Not all reactors are created equal. In the global fight against nuclear power, there are some especially dangerous reactor types which clean energy activists take unusual pleasure in shutting down. I remember the day (in June of 1997) i heard that the French SuperFenix breeder reactor was going to be shut down permanently. I whooped so loud the folks in the WISE office all looked at me funny.
It looks like it will be time for another loud noise soon. Japan’s Monju breeder reactor is sitting on top of an active fault line and this plus the countries new more strict nuclear regulator plus the unusually poor management of the plant, might just be enough to shut it down.
Monju has had a troubled life. At a cost of US$12 billion, this advanced technology went critical for the first time in April 1994. However in the following 19 years, the operators have only gotten it to run for a single hour, due to two major accidents. In December of 1995 a leak in the sodium coolant pipes caused a leak of liquid sodium (which ignites in air and explodes in water) caused a fire of such great intensity it deformed hardened steel structures at the reactor. The operator then tried to cover up the accident, which was discovered and created public outrage.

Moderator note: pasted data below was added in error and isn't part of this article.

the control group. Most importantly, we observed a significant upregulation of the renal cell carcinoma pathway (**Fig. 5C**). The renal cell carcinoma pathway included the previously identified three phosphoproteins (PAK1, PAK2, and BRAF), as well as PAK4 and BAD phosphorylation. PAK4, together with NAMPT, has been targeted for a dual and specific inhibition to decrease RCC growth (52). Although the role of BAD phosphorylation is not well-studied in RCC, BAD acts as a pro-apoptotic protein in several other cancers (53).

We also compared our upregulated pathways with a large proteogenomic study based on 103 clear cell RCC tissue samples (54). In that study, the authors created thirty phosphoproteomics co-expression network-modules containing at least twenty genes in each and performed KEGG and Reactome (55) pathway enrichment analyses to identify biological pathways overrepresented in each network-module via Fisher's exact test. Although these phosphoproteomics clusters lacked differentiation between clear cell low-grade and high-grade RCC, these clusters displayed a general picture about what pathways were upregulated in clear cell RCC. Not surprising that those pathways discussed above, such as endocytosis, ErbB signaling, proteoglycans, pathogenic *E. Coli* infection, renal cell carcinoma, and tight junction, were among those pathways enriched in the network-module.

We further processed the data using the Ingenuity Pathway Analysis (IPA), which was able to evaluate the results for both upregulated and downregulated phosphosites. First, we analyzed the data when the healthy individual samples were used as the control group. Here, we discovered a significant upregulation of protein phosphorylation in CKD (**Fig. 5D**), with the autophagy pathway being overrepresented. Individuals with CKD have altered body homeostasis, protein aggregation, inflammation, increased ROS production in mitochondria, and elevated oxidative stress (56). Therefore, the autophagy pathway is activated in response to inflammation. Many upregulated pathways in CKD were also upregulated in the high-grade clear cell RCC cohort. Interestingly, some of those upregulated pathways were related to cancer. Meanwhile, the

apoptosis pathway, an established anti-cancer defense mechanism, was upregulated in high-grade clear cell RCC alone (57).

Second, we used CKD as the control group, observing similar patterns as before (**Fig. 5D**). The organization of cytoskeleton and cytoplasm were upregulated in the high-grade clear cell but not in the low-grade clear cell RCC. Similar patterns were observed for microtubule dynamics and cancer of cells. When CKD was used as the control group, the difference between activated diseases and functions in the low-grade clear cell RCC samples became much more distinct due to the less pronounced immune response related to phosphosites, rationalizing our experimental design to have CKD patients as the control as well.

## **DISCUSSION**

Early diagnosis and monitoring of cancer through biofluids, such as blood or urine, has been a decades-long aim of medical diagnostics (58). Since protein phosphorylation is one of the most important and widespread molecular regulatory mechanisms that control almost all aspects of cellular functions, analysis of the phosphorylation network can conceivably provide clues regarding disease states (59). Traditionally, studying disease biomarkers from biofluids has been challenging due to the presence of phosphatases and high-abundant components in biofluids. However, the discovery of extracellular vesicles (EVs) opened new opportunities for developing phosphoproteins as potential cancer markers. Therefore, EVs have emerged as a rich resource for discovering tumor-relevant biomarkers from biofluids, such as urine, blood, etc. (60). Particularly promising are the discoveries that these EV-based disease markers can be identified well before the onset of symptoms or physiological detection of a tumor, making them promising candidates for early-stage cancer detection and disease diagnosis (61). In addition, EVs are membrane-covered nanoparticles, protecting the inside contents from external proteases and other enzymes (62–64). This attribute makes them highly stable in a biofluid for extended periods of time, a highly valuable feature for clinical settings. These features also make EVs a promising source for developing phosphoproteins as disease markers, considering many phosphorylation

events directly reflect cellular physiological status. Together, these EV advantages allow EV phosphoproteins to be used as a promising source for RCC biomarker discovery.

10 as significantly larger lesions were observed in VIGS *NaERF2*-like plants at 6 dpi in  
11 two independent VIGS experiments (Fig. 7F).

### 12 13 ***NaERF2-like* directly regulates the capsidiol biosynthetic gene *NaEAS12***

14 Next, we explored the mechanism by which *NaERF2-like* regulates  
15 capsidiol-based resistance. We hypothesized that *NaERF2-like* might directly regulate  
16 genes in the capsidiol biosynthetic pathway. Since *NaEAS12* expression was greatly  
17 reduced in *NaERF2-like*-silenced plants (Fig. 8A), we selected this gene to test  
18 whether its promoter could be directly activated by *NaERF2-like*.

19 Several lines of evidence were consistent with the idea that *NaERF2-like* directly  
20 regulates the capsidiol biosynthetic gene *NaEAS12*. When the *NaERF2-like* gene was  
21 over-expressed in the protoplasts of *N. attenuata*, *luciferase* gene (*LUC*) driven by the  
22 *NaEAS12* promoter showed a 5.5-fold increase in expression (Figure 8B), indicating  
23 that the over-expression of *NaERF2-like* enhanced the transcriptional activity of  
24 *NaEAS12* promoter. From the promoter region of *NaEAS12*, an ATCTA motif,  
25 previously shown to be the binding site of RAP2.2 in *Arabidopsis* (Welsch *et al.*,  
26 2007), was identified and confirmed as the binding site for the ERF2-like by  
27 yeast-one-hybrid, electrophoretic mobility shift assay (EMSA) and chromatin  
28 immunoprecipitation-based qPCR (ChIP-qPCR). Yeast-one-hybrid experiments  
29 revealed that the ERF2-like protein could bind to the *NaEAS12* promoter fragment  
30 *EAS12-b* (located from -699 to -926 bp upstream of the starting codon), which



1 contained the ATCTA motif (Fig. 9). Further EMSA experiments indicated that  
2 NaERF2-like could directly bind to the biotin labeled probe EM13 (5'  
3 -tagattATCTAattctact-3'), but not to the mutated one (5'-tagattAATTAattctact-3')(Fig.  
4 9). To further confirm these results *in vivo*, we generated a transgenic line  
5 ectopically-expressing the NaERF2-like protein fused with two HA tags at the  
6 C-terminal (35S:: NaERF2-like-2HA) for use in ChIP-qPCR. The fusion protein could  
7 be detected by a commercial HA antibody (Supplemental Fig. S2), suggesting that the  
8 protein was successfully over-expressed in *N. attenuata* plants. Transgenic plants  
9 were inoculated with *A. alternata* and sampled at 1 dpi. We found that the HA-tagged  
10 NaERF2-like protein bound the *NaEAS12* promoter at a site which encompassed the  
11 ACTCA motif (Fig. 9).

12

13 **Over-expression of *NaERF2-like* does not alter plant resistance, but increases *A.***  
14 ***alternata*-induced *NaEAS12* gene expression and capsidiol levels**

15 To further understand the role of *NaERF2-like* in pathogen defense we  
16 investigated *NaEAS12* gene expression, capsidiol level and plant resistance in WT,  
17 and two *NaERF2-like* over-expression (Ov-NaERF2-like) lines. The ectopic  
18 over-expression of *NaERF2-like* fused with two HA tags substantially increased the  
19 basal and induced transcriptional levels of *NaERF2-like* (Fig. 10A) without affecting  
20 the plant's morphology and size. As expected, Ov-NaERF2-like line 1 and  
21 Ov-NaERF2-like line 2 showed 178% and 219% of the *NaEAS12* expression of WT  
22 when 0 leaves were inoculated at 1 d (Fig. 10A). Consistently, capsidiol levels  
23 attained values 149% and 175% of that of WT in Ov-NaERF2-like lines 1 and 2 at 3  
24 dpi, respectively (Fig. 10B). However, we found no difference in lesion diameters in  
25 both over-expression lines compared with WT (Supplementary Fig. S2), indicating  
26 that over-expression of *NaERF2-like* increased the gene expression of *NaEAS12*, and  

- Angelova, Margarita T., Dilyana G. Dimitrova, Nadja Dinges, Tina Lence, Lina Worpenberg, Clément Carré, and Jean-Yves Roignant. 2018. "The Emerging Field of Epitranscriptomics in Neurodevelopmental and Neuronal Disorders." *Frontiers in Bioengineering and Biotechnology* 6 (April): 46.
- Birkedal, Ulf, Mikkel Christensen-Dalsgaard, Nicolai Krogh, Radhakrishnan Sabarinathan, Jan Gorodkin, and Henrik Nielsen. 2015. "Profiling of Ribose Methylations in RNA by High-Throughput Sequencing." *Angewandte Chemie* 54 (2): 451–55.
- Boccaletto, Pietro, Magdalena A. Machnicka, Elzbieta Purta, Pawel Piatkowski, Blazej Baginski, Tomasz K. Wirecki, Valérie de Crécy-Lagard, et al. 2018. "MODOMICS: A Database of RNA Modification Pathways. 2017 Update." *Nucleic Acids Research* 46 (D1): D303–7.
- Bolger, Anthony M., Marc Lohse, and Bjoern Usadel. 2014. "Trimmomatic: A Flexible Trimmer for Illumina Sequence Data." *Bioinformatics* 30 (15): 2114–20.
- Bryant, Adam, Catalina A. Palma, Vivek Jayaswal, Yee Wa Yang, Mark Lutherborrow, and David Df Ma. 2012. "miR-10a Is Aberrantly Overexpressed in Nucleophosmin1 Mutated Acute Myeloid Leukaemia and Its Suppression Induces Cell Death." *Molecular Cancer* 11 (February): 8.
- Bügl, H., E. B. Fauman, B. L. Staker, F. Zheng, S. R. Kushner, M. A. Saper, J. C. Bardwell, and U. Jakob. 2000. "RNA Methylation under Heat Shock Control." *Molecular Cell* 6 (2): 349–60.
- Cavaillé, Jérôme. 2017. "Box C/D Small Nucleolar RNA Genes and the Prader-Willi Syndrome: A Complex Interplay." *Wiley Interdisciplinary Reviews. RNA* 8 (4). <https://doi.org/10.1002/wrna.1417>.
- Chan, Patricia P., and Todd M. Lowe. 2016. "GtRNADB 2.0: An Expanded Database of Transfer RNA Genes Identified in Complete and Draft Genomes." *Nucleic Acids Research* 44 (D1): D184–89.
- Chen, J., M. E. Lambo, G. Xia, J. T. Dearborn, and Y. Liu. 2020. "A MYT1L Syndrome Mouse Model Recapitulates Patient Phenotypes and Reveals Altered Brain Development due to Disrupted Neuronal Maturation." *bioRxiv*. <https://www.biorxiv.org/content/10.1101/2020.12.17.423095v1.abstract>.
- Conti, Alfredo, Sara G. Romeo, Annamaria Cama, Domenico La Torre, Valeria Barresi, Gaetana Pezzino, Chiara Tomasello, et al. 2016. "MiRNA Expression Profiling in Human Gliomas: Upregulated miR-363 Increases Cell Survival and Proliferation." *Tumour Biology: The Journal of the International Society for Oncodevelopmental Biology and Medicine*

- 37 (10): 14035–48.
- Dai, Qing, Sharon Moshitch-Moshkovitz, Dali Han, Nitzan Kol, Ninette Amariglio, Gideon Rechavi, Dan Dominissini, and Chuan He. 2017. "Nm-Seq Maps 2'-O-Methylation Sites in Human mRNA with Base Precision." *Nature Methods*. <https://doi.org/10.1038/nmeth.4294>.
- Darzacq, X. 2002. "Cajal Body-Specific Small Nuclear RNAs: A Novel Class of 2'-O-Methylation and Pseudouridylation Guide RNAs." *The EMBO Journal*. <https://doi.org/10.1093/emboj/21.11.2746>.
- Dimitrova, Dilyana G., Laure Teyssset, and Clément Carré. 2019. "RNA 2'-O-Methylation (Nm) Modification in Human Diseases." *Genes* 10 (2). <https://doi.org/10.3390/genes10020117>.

In 2010 the reactors was finally repaired. Three months later a 3 ton crane was dropped into the reactor vessel, shutting the plant down again. It remains closed today.
The confirmation that there is an active fault line under the reactor combined with the operators skipping over inspection of over 10,000 components, including critical safety ones has spurned the new Japanese nuclear regulator into action.
The reason breeders are especially nasty is that they perpetuate the especially toxic myth that there are accessible technologies which will take radioactive waste from existing reactors, burn this waste and create power. This has long been the holy grail for pro-nuclear folks. This makes great sense for the only problem with nuclear power besides the terrible economics, declining public acceptance world wide, terrible safety danger, captured and corrupt nuclear regulators, weapons proliferation risks, that real renewables are cheaper, that it is vulnerable to climate change induced weather problems, destablizes grids because of its large size, requires tremendous idle back up redundancy is the waste problem. So if you can solve the rad waste problem for power reactors, you can pretend that there are no other problems, and some people will believe you.